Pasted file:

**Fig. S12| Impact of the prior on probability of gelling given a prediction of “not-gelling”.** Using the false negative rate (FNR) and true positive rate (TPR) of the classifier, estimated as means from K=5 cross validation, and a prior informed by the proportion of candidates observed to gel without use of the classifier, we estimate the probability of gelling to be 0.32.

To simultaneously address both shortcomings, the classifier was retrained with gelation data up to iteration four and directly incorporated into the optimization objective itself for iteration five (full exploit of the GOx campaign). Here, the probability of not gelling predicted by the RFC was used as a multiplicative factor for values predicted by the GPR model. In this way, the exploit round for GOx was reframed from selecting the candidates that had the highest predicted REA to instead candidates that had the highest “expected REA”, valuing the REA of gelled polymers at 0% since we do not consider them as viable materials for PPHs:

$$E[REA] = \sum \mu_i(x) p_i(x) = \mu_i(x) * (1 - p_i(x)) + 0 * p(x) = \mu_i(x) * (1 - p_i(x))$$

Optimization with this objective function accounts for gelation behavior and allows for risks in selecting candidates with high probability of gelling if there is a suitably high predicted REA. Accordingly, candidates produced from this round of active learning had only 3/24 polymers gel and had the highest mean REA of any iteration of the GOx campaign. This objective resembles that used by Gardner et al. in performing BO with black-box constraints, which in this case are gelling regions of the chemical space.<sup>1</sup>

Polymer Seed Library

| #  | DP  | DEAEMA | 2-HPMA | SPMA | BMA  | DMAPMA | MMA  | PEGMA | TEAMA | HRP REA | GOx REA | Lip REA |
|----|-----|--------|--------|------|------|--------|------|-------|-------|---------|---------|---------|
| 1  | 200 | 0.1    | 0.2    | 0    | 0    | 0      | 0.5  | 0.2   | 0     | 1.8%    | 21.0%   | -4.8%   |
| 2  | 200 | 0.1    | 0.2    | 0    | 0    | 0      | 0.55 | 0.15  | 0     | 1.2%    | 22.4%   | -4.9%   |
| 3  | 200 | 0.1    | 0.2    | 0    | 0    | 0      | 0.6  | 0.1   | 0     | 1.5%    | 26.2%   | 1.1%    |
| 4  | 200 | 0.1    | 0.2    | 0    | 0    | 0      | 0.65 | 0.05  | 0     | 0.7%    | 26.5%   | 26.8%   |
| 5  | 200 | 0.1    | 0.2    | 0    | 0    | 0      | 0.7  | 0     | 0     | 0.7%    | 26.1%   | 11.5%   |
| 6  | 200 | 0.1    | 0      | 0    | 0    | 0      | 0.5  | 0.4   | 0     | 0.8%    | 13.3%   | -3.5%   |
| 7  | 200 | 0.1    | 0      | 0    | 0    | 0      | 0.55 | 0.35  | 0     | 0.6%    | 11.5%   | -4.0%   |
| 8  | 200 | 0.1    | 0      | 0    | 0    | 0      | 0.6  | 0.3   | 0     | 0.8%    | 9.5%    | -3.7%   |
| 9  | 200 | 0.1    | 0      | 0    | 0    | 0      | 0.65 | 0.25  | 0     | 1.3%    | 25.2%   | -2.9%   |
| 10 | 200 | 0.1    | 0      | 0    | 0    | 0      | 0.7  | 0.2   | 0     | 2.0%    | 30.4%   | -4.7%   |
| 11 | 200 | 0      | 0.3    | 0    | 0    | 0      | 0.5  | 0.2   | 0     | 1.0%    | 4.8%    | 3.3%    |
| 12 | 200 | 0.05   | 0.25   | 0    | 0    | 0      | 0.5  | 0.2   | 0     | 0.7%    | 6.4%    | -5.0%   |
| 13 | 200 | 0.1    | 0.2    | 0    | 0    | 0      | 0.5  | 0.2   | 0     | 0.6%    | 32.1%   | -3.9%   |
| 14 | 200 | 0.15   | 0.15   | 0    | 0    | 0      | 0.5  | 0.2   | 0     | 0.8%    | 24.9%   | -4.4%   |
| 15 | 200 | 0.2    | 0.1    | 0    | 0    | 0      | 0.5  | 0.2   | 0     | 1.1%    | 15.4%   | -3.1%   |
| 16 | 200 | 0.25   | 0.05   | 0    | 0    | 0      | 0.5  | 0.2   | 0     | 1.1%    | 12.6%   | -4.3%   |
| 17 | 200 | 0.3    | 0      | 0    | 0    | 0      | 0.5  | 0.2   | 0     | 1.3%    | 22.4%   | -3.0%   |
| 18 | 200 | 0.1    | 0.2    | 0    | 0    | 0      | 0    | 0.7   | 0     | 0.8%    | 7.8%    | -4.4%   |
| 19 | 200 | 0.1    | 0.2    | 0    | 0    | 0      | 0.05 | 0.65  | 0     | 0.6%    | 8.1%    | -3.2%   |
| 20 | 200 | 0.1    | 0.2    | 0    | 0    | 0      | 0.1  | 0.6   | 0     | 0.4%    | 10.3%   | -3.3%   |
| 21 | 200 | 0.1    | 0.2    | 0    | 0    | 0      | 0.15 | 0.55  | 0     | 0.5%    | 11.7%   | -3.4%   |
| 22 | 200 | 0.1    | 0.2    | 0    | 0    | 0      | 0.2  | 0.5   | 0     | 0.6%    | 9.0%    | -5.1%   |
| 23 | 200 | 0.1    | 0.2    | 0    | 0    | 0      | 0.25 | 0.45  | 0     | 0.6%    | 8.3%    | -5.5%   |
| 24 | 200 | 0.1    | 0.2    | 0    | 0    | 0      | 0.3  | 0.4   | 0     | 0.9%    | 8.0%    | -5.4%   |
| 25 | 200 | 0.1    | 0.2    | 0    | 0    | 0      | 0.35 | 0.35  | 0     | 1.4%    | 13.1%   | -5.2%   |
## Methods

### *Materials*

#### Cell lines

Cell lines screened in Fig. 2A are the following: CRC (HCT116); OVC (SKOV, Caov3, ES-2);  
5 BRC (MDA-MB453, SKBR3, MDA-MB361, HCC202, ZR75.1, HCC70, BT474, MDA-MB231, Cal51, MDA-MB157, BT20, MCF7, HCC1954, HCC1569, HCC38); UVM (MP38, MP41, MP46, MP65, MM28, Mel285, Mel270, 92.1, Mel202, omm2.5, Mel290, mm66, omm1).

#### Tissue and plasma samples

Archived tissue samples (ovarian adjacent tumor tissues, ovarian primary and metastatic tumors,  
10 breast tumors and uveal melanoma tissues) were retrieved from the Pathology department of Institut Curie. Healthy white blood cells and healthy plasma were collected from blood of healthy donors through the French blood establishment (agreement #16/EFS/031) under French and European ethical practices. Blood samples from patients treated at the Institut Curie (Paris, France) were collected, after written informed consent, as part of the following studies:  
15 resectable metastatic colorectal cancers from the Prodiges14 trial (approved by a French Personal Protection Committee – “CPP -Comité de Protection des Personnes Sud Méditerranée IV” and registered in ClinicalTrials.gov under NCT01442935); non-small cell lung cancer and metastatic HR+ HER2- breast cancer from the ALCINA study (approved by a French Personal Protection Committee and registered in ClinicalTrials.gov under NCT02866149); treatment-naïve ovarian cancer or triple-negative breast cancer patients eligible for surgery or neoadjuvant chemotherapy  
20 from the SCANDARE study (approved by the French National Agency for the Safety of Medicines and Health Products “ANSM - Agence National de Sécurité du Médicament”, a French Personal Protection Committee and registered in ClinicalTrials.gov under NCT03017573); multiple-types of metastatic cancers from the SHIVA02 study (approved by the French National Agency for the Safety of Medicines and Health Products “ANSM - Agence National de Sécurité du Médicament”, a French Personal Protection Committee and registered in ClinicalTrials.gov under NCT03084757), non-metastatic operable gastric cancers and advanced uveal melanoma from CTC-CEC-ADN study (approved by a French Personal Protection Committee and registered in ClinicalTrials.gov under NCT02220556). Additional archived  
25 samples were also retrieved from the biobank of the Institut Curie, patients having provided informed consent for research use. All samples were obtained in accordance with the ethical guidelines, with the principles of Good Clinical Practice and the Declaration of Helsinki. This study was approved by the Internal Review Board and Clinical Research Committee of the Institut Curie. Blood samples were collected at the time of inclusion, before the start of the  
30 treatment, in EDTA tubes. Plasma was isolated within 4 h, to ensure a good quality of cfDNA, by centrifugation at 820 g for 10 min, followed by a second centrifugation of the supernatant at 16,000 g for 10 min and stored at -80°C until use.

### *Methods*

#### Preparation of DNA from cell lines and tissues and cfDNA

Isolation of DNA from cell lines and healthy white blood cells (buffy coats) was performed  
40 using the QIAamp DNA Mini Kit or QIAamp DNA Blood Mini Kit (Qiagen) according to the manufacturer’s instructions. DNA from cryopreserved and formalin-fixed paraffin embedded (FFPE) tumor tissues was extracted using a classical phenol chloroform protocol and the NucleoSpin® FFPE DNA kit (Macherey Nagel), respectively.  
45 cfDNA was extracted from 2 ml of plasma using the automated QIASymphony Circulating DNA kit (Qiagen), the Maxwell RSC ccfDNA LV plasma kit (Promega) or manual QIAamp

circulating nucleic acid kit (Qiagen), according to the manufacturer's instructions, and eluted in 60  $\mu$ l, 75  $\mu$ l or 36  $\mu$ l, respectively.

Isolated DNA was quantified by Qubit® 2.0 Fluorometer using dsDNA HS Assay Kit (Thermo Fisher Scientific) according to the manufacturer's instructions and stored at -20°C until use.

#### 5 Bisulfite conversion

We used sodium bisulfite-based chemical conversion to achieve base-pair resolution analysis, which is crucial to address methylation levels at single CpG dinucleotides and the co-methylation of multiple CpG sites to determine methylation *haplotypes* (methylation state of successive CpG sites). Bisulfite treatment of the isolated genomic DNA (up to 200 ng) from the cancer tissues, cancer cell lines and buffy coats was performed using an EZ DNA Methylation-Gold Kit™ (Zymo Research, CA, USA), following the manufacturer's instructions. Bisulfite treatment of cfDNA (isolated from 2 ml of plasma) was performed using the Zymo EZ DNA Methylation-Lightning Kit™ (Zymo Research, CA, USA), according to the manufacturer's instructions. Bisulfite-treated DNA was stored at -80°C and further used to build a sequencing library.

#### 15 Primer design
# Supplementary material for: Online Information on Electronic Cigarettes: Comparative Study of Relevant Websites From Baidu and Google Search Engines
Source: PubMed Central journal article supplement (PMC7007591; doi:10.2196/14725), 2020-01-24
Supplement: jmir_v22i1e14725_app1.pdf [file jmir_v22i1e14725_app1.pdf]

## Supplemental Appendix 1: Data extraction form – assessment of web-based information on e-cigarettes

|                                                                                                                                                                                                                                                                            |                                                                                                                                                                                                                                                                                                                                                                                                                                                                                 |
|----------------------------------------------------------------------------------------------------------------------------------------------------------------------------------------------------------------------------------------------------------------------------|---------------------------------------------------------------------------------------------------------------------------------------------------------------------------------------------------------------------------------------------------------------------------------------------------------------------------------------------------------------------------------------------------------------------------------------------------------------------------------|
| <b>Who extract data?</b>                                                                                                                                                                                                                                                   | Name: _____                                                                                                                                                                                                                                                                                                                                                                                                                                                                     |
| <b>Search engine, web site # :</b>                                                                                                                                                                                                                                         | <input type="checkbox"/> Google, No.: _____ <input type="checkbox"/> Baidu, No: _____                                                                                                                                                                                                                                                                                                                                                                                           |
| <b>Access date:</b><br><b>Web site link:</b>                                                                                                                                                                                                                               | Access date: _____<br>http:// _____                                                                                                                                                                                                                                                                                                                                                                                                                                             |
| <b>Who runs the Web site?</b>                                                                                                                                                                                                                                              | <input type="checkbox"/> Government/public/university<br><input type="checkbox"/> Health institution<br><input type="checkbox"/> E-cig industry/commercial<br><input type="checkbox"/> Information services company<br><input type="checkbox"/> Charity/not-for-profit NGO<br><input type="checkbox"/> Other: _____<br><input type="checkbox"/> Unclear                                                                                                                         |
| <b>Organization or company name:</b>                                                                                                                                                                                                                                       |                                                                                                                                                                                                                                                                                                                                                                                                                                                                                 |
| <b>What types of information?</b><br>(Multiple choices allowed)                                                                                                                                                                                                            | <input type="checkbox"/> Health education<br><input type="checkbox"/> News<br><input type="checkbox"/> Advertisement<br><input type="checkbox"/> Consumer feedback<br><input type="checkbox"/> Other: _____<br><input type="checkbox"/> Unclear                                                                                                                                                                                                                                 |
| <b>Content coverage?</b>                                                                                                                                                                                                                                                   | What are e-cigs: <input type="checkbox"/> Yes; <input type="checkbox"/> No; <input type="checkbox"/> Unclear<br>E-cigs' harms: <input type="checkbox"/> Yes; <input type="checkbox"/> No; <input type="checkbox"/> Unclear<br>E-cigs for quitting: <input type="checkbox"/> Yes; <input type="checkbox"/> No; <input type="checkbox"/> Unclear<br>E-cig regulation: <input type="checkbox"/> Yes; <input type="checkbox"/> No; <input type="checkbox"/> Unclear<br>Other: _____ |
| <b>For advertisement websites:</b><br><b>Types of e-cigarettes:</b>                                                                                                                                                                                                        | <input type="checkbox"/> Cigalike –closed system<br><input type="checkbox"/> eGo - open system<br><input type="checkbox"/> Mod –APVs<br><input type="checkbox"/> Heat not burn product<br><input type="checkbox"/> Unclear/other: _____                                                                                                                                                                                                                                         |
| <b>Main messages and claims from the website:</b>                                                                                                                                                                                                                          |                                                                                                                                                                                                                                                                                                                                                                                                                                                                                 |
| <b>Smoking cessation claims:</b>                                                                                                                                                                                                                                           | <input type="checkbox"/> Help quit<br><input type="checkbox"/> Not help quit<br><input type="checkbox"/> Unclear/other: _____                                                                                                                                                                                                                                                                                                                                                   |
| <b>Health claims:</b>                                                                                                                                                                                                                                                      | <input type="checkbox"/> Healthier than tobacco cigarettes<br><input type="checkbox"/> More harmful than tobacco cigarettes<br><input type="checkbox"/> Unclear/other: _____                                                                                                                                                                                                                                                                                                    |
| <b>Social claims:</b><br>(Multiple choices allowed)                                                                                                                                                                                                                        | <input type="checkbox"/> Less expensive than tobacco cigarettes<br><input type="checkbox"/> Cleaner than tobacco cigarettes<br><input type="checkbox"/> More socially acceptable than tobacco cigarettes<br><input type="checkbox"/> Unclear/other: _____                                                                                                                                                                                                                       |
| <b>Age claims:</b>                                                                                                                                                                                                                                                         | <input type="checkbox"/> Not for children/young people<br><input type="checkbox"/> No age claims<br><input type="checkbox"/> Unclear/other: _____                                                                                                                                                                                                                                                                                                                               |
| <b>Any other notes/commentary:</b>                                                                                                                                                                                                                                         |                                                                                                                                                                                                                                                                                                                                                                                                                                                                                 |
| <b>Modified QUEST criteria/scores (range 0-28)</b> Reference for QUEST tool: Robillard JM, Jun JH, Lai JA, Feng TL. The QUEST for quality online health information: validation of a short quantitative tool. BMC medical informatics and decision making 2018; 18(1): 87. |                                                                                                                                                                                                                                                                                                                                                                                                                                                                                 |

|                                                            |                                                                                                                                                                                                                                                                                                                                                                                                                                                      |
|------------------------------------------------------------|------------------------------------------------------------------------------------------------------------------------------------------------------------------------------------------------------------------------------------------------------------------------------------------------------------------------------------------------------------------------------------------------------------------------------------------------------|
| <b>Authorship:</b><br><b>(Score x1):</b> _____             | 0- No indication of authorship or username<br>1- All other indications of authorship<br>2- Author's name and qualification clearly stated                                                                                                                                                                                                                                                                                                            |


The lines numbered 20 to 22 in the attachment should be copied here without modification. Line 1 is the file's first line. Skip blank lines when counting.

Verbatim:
| 13 | 200 | 0.1    | 0.2    | 0    | 0    | 0      | 0.5  | 0.2   | 0     | 0.6%    | 32.1%   | -3.9%   |
| 14 | 200 | 0.15   | 0.15   | 0    | 0    | 0      | 0.5  | 0.2   | 0     | 0.8%    | 24.9%   | -4.4%   |
| 15 | 200 | 0.2    | 0.1    | 0    | 0    | 0      | 0.5  | 0.2   | 0     | 1.1%    | 15.4%   | -3.1%   |